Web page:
DEPARTMENT OF THE INTERIOR National Park Service Record of Decision; Final Environmental Impact Statement/General Management Plan; Grand Canyon National Park; Coconino and Mohave Counties, AZ Summary: Pursuant to Sec. 102(2)(C) of the National Environmental Policy Act of 1969 and the regulations promulgated by the Council on Environmental Quality (40 CFR 1505.2), the Department of the Interior, National Park Service, has prepared a Record of Decision on the Final Environmental Impact Statement/General Management Plan for Grand Canyon National Park, Coconino and Mohave Counties, Arizona. This Record of Decision is a concise statement of what decisions were made, what alternatives were considered, the basis for the decision, and the mitigating measures developed to avoid or minimize environmental impacts. Decision: The National Park Service will implement the proposed general management plan for Grand Canyon National Park, as detailed in Alternative 2 of the Final General Management Plan and Environmental Impact Statement issued in July 1995. The draft plan and environmental impact statement was issued in March 1995. The proposal is described below as the Selected Action. Selected Action: The selected action is a comprehensive proposal for future management and use of the park, including a regional, ecosystem planning focus, park management zones, visitor experience, expanded provision of alternative visitor transportation services, interpretation planning, park operations, and park facilities development. Summary of Actions: The regional context of Grand Canyon National Park will be emphasized, and proposals for resource preservation and visitor use will take into account environmental effects on the park as well as the region. Planning outside the park will be done cooperatively, with an emphasis on disseminating information, preserving regional and park resources, and providing a quality visitor experience. The National Park Service will work jointly with adjacent entities to provide for many park needs outside park boundaries. A gateway information center, some community services, and up to 500 employee housing units will be provided in Tusayan. The most appropriate locations for facilities will be considered in a regional context, taking into consideration principles of sustainable design and the need to preserve resources while providing for a quality visitor experience. Alternative modes of transportation (public transit, hiking, and biking) will be emphasized within the park. A primary orientation center and public transit hub will be constructed near Mather Point. From there several shuttle routes will provide efficient and quiet visitor transportation to Grand Canyon Village and other points on the South Rim. Visitor parking and a shuttle system will also be established on the North Rim. To minimize impacts on natural and cultural resources within the park, existing structures will be adaptively reused, and required new facilities will be built in previously disturbed areas wherever possible. The Kachina and Thunderbird lodges will be removed and the number and size of gift shops on the South Rim will be reduced. The RV campground and the existing helicopter base will be redesigned. Some disturbed areas will be revegetated. To ensure a quality experience, the number of visitors admitted to certain areas will be limited during peak visitation periods based on recommendations derived from a carrying capacity monitoring program. The methodology for determining use limits will be the same throughout the developed areas of the park; however, visitor use limits for specific areas will vary considerably, and visitor use may be limited sooner in some areas than in others. Day use on the South Rim and the corridor trails will not need to be limited during the life of this plan, provided the recommended alternative visitor transportation services are fully funded and operational; day visitation on the North Rim will be limited by the year 2005 or 2010, depending on the effectiveness of management actions; and day use at Tuweep may be limited during peak times. In areas where reservations become necessary, visitors will be able to obtain reservations ahead of time (their reservations will be checked at park entrances). A monitoring system will be established to measure resource impacts, facility use, visitor satisfaction, and levels of visitor attendance in each park developed area. The reservation system will be adjusted as needed. Summary of Impacts: A stable situation for the future will be provided for all the developed areas of the park, significantly improving management's ability to preserve and protect the natural and cultural resources, provide a high-quality visitor experience, and ensure quality living and operating conditions for park employees. Most development will in-fill on already disturbed areas. Historic structures will be adaptively reused, resource damage will be minimized, and local economies will be enhanced. Sustainable planning, design, and implementation will be encouraged within a regional context. Alternatives Considered No-Action Alternative--Existing Conditions / Ongoing Programs Summary of Actions: Unlimited day visitation would continue in all park developed areas, with nearly every visitor facility in developed areas of the South Rim continuing to be overcapacity during peak use periods. No major facilities would be built, and no major park functions would be relocated. Any required facility changes would be done in or adjacent to existing disturbed areas. The number of overnight accommodations, campsites, and all other visitor services remain the same in each developed area. Minor adjustments in management would be made to help reduce resource damage and to provide a safer visitor experience. Planning would be focused inside the park, primarily to solve existing problems. Issues related to planning and land management practices in areas immediately outside the park would be handled individually as the need arose, without an overall area vision or cooperative regional planning effort to guide the direction. Limited cooperative planning to distribute regional information to visitors would occur. Summary of Impacts: Uncontrolled growth would continue within the park, with only limited improvements to visitor services. Damage to natural and cultural resources would continue to worsen, and the visitor experience would become degraded. Communication with visitors to help them plan their trip so they could have a quality experience in the park would continue to be minimal, resulting in negative experiences for park visitors. Extensive quantities of substandard housing would remain, along with an ever-increasing shortage of park housing, forcing more and more employees to find housing in adjacent areas, perhaps long distances from the workplace. The lack of operational space would become severe, reducing employee effectiveness. Over the long term the economy of the area could be damaged due to the worsening image of Grand Canyon National Park and the poor visitor experience. Alternative 1--Minimum Requirements Summary of Actions: Unlimited day visitation would continue in all developed areas of the park until visitor congestion, resource damage, and public safety warranted restricting access during peak visitation. This would be accomplished by implementing reservation systems based on the capacity of existing parking and eating facilities on the South and North Rims. Regional information programs would explain the park's reservation systems to visitors. Overnight accommodations would not be affected. Visitor use at Tuweep and on the corridor trails would not be limited under this alternative. Existing land use patterns would be retained--no major facilities would be built, no major park functions would be relocated, and most park facilities would remain where they are now. A few minor facilities would be added. Any required facility changes would be done in or adjacent to existing disturbed areas. Planning would be focused inside the park, primarily to solve existing problems. Issues related to planning and land management practices in adjacent areas outside the park would be handled individually as the need arose, without an overall area vision or integrated regional planning effort to guide the direction. Summary of Impacts: Park resource damage and a worsening visitor experience at Grand Canyon would be alleviated by limiting the number of people visiting developed areas on the North and South Rims at any one time. Tuweep would continue to experience uncontrolled use, possibly leading to deteriorated natural resources and a degraded visitor experience over the long term. Some impacted areas would be rehabilitated, helping to restore resources within the park. The visitor experience would improve compared to the no-action alternative because fewer people would be competing to use facilities. However, visitors would continue to be frustrated by not being able to easily find places they want to see. Information, orientation, and education about park themes would remain ineffective because of inadequate and poorly located facilities. Visitors would not be well distributed throughout the park, reducing the number of people who could enjoy the park at any one time, and more and more visitors would be turned away. An increasing number of employees would not be able to live in the park, and many would have to find their own housing, often over an hour from the park. Housing in some developed areas would be improved, and the need for additional housing would be reduced by limiting visitation. Some improvements would occur outside the park due to NPS assistance to outside entities for regional visitor information. However, many park problems would fall to regional entities, for example, visitors parking outside the park and using private transit services to enter the park, disappointed visitors being turned away at the gate, and housing for park employees. Alternative 3--Reduced Development Within the Park Summary of Actions: Alternative 3 would emphasize the preservation of park resources by placing all new facilities and relocating many existing functions outside the park. Cooperative regional planning would ensure that NPS functions occurring outside park boundaries demonstrated environmentally sensitive planning and design. The National Park Service would expand its regional information services, as described for alternative 2. On the South Rim all day visitor vehicles would be removed, and a major public transit system would be provided. No new lands within the park would be disturbed, and historic uses of existing structures would be retained wherever possible. Overnight accommodations would be reduced on the South Rim but increased on the North Rim by adaptively reusing historic structures. Planning for the park would be done in a regional context to minimize negative impacts resulting from park uses being placed in areas outside the park. Communications would be expanded, as described for alternative 2. Wherever possible, facilities placed outside the park would be clustered in disturbed areas and linked to existing systems. Alternative modes of transportation would be emphasized regionally as well as in major high use areas of the park, the same as alternative 2. Summary of Impacts: There would be an emphasis on preserving natural and cultural resources within the park, and many park disturbed areas would be rehabilitated. The visitor experience within the park would be highly controlled on the South Rim, and strict limitations of the number of visitors on the North Rim and at Tuweep would force many visitors to plan far in advance to experience those areas. Many more acres would be disturbed outside the park than any other alternative as a result of park-related facility development; services, housing, and operational facilities within the park would be limited. Many visitors would be inconvenienced since no private vehicles could be driven through the park. Alternative 4--Increased Development Within the Park Summary of Actions: Alternative 4 proposes actions to improve visitor convenience by placing major park visitor services inside the park wherever reasonable and by distributing visitors throughout the developed areas of the park. No day use limitations would be established unless the visitor experience was being significantly degraded. The type of vehicular use allowed in some areas would be restricted, and high use areas would be accessible only by transit vehicles or hiking or biking (the same as alternative 2); other developed areas would be accessible by private vehicles. Overnight accommodations would be increased in all developed areas on the North and South Rims by constructing some new facilities and adaptively reusing existing structures. New facilities would be placed either in or adjacent to disturbed areas. Planning outside the park would emphasize regional information, as described for alternative 2. Cooperative planning with outside entities would focus on disseminating information, providing trip planning assistance, and distributing visitor use. Summary of Impacts: Allowing all visitors to enter the park and developing facilities to accommodate their needs would result in continuing resource damage. This alternative would produce more resource impacts inside the park than any alternative and would set a precedent for continued resource impacts in the future. The greatest resource impacts would be caused by widening roads and developing additional parking. Visitor convenience would be significantly enhanced. Park operations and development would continue to expand to meet visitor demand. After 2010 the visions and management objectives for the developed areas might not be attainable due to the increases in facilities and visitors. Impacts to regional resources would increase over the long term as a result of growth inside and outside the park to meet visitor needs. Due to ever-increasing needs for park construction, new employee housing, and larger visitor facilities, the regional economy would continue to increase. Basis for Decision: The selected action was formulated to address problems and management concerns related to the protection and preservation of natural and cultural resources, the provision of appropriate visitor experiences, and the fulfillment of identified management objectives. The management objectives reflect the park purpose, significance, and park area vision statements. They provide a standard against which progress on the implementation of the plan can be measured. The management zoning concept set forth in the March 1995 draft plan (and refined in the July 1995 final plan) is adopted, which will enhance management's ability to direct future park actions in specific areas within the context of an overall management philosophy. The selected action also adopts the ongoing implementation plans within the park (for example, the Resource Management Plan, Backcountry Management Plan, Colorado River Management Plan, Fire Management Plan, and Land Protection Plan), and provides direction, through the management objectives, for future revisions of those plans. The selected action provides for a monitoring program that will provide an appropriate park management presence and an adjustable, sustainable carrying capacity for people and vehicles in developed areas within the park with minimal disturbance to park resources. No protests or other comments were received on the final plan and environmental impact statement during the 30-day no action period that the document was available to the public. Environmentally Preferred Alternative: Alternative 2 is the environmentally preferred alternative. It balances the statutory mission of the National Park Service to provide long-term resource preservation while still allowing for appropriate levels of visitor use and appropriate means or forms for visitor enjoyment. Within the range of alternatives presented in the plan, alternative 2 corrects the existing infrastructure deficiencies in the park and provides for the projected growth in visitation through the year 2010 by adaptive use of existing historical structures and provision of visitor transportation services other than private automobiles. A long-term monitoring program to determine appropriate use levels and carrying capacities within the developed areas of the park will be established to ensure protection of the natural and cultural resources of the park and to maintain a quality visitor experience. Alternative 2 also provides the best combination of long- and short-term regional economic and community proposals that will favorably affect the tourism industry and communities in northern Arizona and southern Utah. An emphasis in alternative 2 is to promote economic development in surrounding communities by not providing all tourist related facilities inside the park. Measures to Minimize Harm: All practicable measures to avoid or minimize environmental impacts that could result from implementation of the selected action have been identified and incorporated into the selected action. These include, but are not limited to, protection of viewsheds and wilderness values, and natural resources including the protection of populations of threatened plant species in the developed zone. As specific aspects of the selected action are further developed or implemented, the National Park Service will consult with the Fish and Wildlife Service regarding threatened or endangered species. Also impacts to the integrity of historic properties, ethnographic resources, and archeological sites will be avoided or minimized. A programmatic agreement has been signed by the Arizona State Historic Preservation Office, the Advisory Council on Historic Preservation, and the National Park Service which provides a framework for further consultation and discussion when implementing the selected action. Conclusion: The above factors and considerations warrant selecting Alternative 2, identified as the proposed action in the draft document (and as modified in the final general management plan and environmental impact statement). Additional copies of the approved Record of Decision may be obtained from the Superintendent, Grand Canyon National Park, P.O. Box 129, Grand Canyon, AZ 86023. The officials responsible for implementing the selected action are the Field Director, Intermountain Field Area, National Park Service and the Superintendent, Grand Canyon National Park. Approved: August 21, 1995. Stanley T. Albright, Field Director, Pacific West Field Area. [FR Doc. 95-21964 Filed 9-1-95; 8:45 am] BILLING CODE 4310-70-P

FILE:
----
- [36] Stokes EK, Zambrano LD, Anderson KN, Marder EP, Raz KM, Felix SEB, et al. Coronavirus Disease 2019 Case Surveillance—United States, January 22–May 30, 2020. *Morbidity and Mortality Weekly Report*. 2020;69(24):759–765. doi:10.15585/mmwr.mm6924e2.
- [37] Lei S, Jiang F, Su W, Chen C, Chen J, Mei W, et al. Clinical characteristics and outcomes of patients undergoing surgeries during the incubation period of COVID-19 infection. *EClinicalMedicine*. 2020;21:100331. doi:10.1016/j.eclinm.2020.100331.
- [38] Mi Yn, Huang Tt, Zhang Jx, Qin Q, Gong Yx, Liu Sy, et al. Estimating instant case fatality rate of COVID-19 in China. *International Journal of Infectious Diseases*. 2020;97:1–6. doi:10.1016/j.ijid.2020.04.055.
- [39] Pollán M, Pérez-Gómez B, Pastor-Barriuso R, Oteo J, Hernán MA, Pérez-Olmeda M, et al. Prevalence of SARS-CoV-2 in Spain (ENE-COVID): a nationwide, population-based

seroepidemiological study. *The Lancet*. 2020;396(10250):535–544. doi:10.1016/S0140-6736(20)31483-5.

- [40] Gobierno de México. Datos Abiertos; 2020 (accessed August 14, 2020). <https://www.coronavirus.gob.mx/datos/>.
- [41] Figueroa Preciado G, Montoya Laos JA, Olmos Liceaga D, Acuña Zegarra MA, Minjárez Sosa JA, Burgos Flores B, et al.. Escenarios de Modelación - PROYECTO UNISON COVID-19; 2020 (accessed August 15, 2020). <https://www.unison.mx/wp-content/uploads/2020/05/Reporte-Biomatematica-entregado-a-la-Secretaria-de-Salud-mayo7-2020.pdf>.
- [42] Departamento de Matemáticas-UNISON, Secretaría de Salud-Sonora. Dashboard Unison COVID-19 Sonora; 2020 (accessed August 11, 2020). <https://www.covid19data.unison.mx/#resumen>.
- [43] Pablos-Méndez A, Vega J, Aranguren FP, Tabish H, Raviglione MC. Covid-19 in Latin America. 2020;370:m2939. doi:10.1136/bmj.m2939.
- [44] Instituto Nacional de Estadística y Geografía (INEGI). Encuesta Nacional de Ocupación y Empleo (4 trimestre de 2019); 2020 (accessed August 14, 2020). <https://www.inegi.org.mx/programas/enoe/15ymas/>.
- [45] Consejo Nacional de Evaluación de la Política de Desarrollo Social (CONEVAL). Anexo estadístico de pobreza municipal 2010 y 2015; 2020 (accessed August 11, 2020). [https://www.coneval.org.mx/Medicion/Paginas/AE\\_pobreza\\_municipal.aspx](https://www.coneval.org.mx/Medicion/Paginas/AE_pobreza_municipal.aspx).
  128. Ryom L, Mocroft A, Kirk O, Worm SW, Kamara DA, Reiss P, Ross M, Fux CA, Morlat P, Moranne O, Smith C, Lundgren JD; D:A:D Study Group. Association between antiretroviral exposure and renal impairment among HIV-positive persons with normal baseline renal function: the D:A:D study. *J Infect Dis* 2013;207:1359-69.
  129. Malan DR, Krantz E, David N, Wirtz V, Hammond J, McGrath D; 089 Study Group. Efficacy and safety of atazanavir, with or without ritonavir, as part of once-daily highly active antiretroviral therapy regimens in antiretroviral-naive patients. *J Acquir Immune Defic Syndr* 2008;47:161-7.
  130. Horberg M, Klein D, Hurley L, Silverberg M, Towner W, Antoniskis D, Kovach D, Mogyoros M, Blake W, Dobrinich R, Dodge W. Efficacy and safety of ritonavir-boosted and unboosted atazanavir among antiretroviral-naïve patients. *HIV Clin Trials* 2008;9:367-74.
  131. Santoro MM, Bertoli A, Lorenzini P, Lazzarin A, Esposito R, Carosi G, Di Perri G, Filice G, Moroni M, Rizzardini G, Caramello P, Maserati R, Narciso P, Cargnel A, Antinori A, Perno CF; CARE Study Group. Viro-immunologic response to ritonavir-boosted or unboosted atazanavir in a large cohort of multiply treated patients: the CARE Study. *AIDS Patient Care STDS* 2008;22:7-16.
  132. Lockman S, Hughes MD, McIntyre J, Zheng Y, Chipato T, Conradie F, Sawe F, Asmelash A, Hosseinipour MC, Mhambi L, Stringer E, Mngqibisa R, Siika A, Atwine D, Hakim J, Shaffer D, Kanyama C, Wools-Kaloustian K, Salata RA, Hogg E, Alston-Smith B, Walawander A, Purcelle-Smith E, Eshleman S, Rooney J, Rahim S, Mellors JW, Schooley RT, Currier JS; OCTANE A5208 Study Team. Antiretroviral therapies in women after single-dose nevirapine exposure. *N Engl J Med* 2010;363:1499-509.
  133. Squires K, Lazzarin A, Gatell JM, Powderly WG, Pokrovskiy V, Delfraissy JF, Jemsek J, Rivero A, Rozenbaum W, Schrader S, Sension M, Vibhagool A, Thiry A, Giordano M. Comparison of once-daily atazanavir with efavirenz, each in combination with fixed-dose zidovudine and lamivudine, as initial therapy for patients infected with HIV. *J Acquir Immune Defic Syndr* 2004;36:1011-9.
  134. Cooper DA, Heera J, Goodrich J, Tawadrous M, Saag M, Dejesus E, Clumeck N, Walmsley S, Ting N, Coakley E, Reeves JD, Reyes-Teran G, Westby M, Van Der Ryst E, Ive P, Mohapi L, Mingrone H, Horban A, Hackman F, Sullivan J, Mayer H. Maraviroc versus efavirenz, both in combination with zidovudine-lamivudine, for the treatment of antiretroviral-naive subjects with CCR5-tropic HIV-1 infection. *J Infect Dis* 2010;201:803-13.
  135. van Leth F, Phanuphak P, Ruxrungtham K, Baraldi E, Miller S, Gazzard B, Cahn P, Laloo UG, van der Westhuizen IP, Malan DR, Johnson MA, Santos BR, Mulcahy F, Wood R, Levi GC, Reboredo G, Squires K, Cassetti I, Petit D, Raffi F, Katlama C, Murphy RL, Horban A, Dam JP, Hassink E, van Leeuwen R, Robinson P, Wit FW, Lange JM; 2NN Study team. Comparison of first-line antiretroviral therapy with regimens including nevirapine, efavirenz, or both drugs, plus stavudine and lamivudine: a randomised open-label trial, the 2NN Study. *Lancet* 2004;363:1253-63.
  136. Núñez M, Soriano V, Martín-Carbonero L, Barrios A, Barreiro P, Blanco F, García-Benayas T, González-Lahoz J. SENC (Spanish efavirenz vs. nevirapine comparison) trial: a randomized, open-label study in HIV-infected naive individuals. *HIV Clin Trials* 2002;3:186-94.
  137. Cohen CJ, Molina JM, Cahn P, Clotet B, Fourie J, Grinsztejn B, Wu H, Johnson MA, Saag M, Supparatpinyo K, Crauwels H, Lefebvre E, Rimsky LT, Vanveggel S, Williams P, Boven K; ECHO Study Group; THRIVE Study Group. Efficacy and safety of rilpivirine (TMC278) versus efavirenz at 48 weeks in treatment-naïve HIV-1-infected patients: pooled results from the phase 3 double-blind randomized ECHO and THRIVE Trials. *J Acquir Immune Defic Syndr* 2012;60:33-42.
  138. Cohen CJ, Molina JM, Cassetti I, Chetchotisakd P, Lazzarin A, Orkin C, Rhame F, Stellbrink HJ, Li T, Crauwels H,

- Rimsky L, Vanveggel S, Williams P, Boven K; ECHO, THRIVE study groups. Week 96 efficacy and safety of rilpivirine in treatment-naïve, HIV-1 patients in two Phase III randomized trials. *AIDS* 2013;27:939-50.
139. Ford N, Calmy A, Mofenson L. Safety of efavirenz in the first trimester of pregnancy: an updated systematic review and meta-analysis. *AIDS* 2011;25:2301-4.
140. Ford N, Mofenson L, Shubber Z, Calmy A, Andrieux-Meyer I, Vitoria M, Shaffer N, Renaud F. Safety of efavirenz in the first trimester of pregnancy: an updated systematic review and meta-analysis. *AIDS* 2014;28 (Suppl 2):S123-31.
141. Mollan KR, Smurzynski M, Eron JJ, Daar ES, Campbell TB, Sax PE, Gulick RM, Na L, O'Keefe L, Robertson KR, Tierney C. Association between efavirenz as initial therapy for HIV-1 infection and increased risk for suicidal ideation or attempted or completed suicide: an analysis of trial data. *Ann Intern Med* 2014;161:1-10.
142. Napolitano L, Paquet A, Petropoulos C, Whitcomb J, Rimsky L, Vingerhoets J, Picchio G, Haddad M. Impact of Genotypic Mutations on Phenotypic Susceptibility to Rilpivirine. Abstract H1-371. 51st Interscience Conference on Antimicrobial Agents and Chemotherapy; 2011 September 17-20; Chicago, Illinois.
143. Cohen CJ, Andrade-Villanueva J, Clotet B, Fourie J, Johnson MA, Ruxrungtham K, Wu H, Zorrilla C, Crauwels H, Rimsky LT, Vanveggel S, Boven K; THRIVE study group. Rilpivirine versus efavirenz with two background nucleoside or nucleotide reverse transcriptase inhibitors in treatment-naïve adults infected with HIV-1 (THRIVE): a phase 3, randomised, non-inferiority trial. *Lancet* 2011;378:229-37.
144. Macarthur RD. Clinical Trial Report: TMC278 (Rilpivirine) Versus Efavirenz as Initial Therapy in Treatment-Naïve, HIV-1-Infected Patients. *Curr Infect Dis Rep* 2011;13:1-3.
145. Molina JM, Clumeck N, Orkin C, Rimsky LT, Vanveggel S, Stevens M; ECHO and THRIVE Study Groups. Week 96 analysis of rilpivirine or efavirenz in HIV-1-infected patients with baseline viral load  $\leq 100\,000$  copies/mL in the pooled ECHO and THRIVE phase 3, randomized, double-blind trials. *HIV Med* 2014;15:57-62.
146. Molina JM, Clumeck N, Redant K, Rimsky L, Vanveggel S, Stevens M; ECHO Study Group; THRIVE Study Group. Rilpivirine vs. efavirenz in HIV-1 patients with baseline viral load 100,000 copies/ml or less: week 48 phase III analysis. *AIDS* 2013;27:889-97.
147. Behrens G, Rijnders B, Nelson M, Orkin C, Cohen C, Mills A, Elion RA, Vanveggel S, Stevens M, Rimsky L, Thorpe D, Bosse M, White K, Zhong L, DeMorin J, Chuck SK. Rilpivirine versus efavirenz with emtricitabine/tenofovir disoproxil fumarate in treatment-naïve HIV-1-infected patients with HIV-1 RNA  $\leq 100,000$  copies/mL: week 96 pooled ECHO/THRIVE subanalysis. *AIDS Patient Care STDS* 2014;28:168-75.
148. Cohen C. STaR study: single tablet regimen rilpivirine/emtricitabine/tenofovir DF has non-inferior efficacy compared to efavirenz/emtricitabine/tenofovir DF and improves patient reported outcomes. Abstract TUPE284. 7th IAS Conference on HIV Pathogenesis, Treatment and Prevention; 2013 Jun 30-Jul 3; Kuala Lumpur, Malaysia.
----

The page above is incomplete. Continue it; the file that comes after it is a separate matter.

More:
Record of Decision; Final Environmental Impact Statement/General Management Plan; Grand Canyon National Park; Coconino and Mohave Counties, AZ
Pursuant to Sec. 102(2)(C) of the National Environmental Policy Act of 1969 and the regulations promulgated by the Council on Environmental Quality (40 CFR 1505.2), the Department of the Interior, National Park Service, has prepared a Record of Decision on the Final Environmental Impact Statement/General Management Plan for Grand Canyon National Park, Coconino and Mohave Counties, Arizona. This Record of Decision is a concise statement of what decisions were made, what alternatives were considered, the basis for the decision, and the mitigating measures developed to avoid or minimize environmental impacts.